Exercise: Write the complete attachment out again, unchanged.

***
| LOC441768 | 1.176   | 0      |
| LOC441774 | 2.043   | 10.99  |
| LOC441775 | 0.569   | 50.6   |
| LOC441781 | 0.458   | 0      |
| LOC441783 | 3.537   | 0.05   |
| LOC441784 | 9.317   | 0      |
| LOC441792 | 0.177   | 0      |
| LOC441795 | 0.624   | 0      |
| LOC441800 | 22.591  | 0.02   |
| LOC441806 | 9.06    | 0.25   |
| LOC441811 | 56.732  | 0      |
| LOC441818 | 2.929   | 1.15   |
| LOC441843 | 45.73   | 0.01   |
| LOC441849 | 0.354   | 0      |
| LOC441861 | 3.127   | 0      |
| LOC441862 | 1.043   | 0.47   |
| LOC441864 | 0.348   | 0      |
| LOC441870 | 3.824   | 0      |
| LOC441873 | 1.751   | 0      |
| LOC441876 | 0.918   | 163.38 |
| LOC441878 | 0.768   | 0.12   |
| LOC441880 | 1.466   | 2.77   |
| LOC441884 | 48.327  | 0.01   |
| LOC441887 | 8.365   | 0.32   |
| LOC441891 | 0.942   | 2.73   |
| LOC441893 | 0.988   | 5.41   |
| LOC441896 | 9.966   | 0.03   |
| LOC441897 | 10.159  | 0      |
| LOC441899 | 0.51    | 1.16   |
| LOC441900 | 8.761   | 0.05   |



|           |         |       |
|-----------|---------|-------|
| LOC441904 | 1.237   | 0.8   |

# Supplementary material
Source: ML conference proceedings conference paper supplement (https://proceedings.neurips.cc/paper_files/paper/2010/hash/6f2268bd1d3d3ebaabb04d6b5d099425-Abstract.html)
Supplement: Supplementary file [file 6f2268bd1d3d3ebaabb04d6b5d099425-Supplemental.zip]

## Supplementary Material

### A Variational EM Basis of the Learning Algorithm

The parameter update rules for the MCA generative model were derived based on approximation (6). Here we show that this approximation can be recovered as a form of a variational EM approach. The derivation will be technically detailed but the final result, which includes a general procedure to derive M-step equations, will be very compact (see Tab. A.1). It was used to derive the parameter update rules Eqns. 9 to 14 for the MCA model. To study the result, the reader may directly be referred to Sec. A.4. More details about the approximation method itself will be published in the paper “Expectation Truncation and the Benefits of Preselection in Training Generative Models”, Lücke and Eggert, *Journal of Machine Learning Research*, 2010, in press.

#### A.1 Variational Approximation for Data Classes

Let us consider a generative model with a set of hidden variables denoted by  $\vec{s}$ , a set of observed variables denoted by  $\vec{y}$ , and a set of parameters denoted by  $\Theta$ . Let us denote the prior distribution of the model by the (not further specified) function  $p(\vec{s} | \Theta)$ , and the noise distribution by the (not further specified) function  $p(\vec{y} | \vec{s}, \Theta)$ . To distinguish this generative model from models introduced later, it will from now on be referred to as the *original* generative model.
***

| LOC441768 | 1.176   | 0      |
| LOC441774 | 2.043   | 10.99  |
| LOC441775 | 0.569   | 50.6   |
| LOC441781 | 0.458   | 0      |
| LOC441783 | 3.537   | 0.05   |
| LOC441784 | 9.317   | 0      |
| LOC441792 | 0.177   | 0      |
| LOC441795 | 0.624   | 0      |
| LOC441800 | 22.591  | 0.02   |
| LOC441806 | 9.06    | 0.25   |
| LOC441811 | 56.732  | 0      |
| LOC441818 | 2.929   | 1.15   |
| LOC441843 | 45.73   | 0.01   |
| LOC441849 | 0.354   | 0      |
| LOC441861 | 3.127   | 0      |
| LOC441862 | 1.043   | 0.47   |
| LOC441864 | 0.348   | 0      |
| LOC441870 | 3.824   | 0      |
| LOC441873 | 1.751   | 0      |
| LOC441876 | 0.918   | 163.38 |
| LOC441878 | 0.768   | 0.12   |
| LOC441880 | 1.466   | 2.77   |
| LOC441884 | 48.327  | 0.01   |
| LOC441887 | 8.365   | 0.32   |
| LOC441891 | 0.942   | 2.73   |
| LOC441893 | 0.988   | 5.41   |
| LOC441896 | 9.966   | 0.03   |
| LOC441897 | 10.159  | 0      |
| LOC441899 | 0.51    | 1.16   |
| LOC441900 | 8.761   | 0.05   |



|           |         |       |
|-----------|---------|-------|
| LOC441904 | 1.237   | 0.8   |

# Supplementary material
Source: ML conference proceedings conference paper supplement (https://proceedings.neurips.cc/paper_files/paper/2010/hash/6f2268bd1d3d3ebaabb04d6b5d099425-Abstract.html)
Supplement: Supplementary file [file 6f2268bd1d3d3ebaabb04d6b5d099425-Supplemental.zip]

## Supplementary Material

### A Variational EM Basis of the Learning Algorithm

The parameter update rules for the MCA generative model were derived based on approximation (6). Here we show that this approximation can be recovered as a form of a variational EM approach. The derivation will be technically detailed but the final result, which includes a general procedure to derive M-step equations, will be very compact (see Tab. A.1). It was used to derive the parameter update rules Eqns. 9 to 14 for the MCA model. To study the result, the reader may directly be referred to Sec. A.4. More details about the approximation method itself will be published in the paper “Expectation Truncation and the Benefits of Preselection in Training Generative Models”, Lücke and Eggert, *Journal of Machine Learning Research*, 2010, in press.

#### A.1 Variational Approximation for Data Classes

Let us consider a generative model with a set of hidden variables denoted by  $\vec{s}$ , a set of observed variables denoted by  $\vec{y}$ , and a set of parameters denoted by  $\Theta$ . Let us denote the prior distribution of the model by the (not further specified) function  $p(\vec{s} | \Theta)$ , and the noise distribution by the (not further specified) function  $p(\vec{y} | \vec{s}, \Theta)$ . To distinguish this generative model from models introduced later, it will from now on be referred to as the *original* generative model.